There are three bones in the knee, the femur, tibia and patella. The ends of those bones are covered with cartilage (a smooth material that cushions the bone and allows the joint to move easily without pain). The cartilage acts as a shock absorber. Between the bones of the knees are two crescent-shaped discs of connective tissue, called menisci. These also act as shock absorbers to cushion the lower part of the leg from the weight of the rest of the body.
Meniscus tears can happen during a rotating movement while bearing weight, such as when twisting the upper leg while the foot stays in one place during sports and other activities. Tears can be minor, with the meniscus staying connected to the knee, or major, with the meniscus barely attached to the knee by a cartilage thread.
The following are the most common symptoms of a torn meniscus. However, each individual may experience symptoms differently. Symptoms may include:
The symptoms of a torn meniscus may resemble other medical conditions or problems. Always talk with your healthcare provider for a diagnosis.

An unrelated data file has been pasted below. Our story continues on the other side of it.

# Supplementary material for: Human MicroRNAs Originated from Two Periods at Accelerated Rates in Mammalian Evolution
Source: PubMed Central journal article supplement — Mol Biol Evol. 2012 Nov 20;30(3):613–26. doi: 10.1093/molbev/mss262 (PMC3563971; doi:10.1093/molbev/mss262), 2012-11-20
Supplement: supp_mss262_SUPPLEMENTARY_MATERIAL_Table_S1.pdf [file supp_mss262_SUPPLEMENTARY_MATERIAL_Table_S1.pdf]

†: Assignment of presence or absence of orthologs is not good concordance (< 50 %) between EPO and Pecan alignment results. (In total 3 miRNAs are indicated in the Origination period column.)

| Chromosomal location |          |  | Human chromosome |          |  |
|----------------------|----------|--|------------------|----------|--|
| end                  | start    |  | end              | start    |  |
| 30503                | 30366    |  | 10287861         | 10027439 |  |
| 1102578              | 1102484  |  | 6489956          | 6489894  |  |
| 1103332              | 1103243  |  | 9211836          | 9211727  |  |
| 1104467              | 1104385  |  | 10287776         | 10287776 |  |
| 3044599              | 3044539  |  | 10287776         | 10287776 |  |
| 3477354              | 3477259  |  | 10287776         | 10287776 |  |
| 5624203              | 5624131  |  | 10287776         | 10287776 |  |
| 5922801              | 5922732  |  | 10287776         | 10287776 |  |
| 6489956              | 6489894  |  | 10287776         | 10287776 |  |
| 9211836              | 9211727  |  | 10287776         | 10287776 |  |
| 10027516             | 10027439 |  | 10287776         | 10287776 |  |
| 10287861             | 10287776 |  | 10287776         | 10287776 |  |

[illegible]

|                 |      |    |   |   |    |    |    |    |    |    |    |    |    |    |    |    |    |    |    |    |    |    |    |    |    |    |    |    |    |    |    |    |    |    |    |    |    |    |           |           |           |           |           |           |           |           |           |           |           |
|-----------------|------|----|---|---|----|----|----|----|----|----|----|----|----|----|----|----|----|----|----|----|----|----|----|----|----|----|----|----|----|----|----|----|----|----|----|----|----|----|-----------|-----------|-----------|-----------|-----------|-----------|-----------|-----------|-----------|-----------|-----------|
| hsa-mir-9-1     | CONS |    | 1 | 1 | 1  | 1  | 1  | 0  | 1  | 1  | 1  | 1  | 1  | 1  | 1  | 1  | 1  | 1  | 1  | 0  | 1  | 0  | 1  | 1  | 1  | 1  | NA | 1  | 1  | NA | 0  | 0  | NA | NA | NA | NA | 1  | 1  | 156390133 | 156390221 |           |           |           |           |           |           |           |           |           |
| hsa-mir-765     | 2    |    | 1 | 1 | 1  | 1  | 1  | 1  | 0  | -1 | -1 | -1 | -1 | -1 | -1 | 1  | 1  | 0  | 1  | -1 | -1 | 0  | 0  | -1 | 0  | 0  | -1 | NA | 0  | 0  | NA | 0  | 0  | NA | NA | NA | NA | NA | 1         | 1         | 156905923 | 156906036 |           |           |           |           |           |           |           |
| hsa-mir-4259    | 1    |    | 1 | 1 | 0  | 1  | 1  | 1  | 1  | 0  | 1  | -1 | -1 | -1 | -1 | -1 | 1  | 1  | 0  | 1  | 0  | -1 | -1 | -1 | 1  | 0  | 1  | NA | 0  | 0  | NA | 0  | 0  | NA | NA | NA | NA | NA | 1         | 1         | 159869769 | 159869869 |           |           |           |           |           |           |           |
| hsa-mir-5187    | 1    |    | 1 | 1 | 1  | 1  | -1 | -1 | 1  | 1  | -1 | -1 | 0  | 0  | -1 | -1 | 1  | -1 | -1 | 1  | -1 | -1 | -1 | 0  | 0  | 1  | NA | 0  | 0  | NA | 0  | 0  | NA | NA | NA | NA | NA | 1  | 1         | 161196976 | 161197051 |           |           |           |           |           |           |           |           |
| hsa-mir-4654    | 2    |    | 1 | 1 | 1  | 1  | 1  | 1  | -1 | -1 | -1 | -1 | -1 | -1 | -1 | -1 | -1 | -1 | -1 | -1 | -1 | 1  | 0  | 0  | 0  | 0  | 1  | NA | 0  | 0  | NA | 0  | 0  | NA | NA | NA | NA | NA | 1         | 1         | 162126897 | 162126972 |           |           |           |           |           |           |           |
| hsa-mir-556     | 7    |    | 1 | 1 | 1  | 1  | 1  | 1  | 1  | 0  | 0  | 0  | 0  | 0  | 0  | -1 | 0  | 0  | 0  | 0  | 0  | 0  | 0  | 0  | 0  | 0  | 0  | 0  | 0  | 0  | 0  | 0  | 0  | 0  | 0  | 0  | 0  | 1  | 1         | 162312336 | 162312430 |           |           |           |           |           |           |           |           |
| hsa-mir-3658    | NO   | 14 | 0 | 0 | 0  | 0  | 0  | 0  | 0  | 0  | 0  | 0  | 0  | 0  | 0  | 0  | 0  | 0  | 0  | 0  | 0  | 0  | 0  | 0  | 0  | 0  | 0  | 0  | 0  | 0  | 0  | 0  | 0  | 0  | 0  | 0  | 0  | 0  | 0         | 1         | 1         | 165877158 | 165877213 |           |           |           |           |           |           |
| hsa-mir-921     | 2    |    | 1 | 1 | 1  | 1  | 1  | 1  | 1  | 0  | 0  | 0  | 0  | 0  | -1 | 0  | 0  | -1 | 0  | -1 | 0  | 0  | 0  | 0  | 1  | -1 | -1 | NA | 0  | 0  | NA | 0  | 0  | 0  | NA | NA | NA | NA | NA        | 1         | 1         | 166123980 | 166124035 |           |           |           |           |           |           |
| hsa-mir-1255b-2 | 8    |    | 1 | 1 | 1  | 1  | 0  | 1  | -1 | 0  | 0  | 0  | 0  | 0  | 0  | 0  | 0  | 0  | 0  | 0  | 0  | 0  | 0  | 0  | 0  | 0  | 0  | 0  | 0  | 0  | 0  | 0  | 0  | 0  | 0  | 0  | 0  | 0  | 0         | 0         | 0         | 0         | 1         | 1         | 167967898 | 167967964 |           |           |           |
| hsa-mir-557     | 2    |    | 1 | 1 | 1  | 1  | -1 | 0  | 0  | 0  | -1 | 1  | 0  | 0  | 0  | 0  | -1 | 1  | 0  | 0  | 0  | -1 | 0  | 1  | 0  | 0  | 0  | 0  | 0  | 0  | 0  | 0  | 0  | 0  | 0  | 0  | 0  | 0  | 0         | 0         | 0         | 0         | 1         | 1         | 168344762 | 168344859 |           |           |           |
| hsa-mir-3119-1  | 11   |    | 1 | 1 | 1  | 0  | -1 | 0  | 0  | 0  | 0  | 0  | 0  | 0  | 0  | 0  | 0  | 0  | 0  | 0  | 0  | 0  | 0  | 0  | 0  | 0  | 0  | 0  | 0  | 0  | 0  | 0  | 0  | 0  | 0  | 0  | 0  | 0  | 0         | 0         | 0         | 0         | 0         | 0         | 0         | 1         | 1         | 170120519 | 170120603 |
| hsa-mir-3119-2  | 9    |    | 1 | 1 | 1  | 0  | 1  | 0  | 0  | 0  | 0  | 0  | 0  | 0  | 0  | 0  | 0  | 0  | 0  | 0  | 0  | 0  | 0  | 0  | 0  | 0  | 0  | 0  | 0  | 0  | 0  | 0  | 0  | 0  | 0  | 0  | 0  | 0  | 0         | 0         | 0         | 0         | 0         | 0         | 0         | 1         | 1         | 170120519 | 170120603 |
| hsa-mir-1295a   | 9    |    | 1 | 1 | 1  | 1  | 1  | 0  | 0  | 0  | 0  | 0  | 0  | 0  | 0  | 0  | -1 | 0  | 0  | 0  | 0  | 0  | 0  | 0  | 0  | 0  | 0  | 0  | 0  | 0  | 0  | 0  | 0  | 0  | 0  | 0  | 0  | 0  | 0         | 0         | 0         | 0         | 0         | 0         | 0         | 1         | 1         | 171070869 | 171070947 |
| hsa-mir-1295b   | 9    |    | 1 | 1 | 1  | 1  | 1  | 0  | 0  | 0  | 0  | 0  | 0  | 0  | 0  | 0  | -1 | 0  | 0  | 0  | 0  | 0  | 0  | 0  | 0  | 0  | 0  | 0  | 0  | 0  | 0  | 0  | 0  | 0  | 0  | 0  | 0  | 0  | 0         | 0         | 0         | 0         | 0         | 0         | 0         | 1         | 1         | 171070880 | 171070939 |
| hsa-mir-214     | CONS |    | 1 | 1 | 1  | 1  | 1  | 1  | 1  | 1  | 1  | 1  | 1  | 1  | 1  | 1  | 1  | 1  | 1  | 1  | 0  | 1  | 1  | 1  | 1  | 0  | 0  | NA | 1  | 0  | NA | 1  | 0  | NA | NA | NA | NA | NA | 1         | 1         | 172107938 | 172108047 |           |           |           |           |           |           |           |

In addition to a complete medical history and physical exam, diagnostic procedures for a torn meniscus may include the following:
Specific treatment for a torn meniscus will be discussed with you by your healthcare provider based on:
Treatment may include:
An untreated torn meniscus can result in instability of the knee, persistent pain, and increase your risk of osteoarthritis.
Call your healthcare provider if your knee:
© 2015 The University of Chicago Medical Center. All rights reserved.
The University of Chicago Medicine
5841 S. Maryland Avenue
Chicago, IL 60637 | 773-702-1000
Appointments: Call UCM Connect at 1-888-824-0200